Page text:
The first port of call was a suitable kit. Over then years there have been many kits of the Lancaster, but it is only recently that a large-scale 1/32 offering has been made available. Released by Hong Kong Models (a progressive Asian concern that have made a name for themselves over recent years, producing large-scale kits of bombers such as the B-17 and Lancaster) the kit was large, involved and thanks to a variant-specific release that replicated a number of ‘Dam Busters’, buildable without too much ion the way of modification. The brief though would become more specific as the project developed, a wheels-up display being just one factor to take into account, a request that would involve the sourcing of crew figures, something I both didn’t have and knew would be difficult to fit in a kit that was not designed to house such things.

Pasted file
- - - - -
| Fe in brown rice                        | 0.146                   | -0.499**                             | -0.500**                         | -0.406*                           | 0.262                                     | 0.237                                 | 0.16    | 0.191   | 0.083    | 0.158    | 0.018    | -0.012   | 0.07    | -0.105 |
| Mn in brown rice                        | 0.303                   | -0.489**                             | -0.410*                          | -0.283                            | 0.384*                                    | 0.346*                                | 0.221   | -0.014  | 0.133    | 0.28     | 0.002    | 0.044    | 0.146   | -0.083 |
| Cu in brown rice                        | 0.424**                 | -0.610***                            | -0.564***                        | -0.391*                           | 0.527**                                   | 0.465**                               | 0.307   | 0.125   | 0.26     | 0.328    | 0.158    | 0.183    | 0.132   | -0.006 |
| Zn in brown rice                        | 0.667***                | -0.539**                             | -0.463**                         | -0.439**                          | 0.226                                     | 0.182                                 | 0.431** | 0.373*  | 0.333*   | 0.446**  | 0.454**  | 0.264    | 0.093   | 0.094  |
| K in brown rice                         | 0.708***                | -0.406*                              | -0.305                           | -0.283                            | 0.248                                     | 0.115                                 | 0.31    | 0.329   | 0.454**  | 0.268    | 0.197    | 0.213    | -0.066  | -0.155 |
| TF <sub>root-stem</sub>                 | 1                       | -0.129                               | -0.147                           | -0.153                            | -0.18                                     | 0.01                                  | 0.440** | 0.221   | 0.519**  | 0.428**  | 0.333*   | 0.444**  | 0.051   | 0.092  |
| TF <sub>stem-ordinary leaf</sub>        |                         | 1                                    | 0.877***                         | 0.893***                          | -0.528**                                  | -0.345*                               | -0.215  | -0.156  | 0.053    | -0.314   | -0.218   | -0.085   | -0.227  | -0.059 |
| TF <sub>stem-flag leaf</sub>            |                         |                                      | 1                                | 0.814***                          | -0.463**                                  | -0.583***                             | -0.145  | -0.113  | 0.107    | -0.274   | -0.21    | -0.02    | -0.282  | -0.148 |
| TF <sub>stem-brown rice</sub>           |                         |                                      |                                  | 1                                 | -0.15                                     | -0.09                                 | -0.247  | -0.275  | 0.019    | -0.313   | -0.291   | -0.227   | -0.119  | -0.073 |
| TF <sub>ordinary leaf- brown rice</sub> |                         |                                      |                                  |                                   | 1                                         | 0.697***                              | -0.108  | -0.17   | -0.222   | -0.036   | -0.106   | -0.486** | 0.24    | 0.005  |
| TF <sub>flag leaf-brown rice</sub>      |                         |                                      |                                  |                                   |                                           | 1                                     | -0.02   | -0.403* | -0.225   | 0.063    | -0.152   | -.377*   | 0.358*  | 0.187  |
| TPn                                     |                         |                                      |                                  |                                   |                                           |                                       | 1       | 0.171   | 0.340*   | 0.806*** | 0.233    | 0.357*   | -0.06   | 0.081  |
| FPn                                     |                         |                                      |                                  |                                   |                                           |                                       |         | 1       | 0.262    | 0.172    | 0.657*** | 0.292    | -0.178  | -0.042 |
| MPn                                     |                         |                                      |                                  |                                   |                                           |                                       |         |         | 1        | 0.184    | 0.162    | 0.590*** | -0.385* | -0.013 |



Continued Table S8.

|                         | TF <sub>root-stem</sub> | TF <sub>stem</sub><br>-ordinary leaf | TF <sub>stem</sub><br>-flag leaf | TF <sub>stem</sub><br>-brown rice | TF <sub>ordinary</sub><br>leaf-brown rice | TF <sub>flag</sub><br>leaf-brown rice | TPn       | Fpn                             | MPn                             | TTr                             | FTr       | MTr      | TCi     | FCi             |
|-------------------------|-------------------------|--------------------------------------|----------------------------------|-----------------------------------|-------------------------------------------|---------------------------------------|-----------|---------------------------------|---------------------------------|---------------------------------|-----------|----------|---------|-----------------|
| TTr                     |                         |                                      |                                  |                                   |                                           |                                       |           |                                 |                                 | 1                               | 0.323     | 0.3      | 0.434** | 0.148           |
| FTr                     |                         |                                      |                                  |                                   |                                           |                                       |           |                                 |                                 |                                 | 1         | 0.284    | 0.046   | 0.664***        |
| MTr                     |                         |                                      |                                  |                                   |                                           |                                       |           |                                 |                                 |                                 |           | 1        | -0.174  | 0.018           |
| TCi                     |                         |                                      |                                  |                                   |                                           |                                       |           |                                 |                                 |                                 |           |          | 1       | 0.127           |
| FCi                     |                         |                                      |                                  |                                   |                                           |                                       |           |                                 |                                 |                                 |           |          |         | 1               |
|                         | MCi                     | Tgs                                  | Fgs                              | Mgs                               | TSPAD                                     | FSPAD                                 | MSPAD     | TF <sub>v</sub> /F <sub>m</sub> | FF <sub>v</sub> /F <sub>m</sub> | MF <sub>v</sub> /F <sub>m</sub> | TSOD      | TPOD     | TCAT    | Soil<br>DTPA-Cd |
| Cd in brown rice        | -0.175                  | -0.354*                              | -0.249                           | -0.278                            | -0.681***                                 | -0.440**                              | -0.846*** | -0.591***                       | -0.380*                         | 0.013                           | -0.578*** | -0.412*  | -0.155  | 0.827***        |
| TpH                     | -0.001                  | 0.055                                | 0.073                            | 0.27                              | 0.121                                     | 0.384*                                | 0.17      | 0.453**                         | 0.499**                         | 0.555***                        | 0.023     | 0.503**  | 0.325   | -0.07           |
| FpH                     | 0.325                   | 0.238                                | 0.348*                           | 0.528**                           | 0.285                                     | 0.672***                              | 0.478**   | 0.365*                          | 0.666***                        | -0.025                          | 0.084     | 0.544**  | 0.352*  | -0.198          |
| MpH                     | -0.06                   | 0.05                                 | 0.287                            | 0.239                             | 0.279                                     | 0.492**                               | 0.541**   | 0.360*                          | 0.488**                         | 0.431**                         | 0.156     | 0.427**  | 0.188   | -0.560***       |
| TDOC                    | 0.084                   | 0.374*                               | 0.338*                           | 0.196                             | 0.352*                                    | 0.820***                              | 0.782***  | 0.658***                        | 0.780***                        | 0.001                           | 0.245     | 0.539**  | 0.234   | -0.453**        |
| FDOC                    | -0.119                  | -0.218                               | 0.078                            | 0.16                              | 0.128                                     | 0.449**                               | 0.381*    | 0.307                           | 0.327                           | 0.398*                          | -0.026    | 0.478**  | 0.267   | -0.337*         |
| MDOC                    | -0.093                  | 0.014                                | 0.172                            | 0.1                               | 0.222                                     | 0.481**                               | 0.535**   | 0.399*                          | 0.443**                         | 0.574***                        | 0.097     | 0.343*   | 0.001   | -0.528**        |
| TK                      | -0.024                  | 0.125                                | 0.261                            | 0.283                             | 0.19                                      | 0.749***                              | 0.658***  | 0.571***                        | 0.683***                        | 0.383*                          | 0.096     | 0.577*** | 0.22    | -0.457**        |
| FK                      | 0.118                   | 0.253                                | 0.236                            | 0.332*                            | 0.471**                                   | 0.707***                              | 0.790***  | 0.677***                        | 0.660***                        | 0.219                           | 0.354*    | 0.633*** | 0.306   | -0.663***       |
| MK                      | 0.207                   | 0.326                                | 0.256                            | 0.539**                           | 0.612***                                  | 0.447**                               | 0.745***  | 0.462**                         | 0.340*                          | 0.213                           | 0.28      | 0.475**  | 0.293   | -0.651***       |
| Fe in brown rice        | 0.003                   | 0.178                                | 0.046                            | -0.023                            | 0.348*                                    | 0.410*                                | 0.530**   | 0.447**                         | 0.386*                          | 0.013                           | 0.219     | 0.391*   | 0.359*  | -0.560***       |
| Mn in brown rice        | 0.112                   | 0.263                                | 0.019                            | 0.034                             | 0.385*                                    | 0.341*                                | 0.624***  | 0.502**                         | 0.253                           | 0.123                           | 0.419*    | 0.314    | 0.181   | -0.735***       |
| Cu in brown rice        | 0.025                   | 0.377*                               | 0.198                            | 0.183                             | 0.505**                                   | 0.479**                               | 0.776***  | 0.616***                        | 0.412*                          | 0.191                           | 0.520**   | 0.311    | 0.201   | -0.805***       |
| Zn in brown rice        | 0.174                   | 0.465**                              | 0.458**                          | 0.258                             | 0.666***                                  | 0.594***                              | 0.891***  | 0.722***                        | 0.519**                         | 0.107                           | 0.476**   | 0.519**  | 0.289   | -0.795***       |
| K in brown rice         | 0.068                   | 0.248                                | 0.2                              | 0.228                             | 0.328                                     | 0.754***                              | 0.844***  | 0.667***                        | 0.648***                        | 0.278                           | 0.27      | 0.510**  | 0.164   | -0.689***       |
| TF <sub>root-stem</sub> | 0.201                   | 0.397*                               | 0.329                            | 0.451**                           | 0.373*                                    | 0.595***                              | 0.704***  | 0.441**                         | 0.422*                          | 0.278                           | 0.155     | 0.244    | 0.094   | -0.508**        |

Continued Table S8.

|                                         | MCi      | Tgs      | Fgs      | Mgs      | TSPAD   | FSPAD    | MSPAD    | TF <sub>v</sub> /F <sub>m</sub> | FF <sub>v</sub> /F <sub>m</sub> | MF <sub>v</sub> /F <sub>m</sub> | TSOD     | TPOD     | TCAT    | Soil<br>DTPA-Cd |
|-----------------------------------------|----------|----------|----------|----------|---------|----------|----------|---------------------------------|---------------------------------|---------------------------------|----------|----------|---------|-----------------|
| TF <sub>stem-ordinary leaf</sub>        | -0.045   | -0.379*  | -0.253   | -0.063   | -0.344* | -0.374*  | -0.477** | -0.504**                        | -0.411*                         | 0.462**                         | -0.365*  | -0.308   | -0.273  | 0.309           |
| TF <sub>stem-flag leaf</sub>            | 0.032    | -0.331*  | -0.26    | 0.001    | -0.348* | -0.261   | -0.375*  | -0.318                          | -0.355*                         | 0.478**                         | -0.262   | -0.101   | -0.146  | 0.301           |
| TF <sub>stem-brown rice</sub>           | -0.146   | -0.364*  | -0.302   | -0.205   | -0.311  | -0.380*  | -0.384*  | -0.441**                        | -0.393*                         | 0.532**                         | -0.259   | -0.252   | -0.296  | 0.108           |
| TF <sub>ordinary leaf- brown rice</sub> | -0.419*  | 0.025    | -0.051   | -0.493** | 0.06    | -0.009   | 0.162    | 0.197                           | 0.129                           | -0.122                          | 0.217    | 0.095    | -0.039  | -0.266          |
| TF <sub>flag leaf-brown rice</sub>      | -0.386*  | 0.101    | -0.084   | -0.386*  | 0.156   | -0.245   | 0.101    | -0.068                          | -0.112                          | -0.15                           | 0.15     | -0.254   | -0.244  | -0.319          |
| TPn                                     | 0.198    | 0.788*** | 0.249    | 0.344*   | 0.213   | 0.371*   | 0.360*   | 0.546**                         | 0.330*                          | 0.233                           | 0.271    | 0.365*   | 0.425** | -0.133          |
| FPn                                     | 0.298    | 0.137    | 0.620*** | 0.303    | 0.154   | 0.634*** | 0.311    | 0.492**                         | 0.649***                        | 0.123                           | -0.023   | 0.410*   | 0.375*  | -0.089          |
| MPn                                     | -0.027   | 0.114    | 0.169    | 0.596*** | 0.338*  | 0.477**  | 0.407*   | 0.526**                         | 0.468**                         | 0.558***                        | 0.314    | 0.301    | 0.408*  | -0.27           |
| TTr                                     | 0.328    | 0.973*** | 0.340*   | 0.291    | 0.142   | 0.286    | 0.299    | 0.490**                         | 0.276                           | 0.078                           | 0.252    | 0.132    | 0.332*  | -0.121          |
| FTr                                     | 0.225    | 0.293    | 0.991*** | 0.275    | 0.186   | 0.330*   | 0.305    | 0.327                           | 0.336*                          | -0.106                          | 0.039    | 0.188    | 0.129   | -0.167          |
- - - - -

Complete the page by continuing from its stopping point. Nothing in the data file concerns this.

Shell of Dambuster model partially painted
The kit, once built, is massive. With a wingspan that touches a little under one metre, and a length little shorter, this build would test the size of both my construction and painting benches, as well as my spray booth, the dimensions of which can be measured in inches, rather than feet. Indeed, such was its size once built, it spent much of its days on the bed in the spare room, the soft surface of the duvet and a general lack of use, ensuring that the model remained safe and sound as construction and painting progressed. I do wonder as I’m writing this what would have happen if that room had not been available, because there was certainly no space in my studio to house such a large replica!
Interior parts of Dambuster model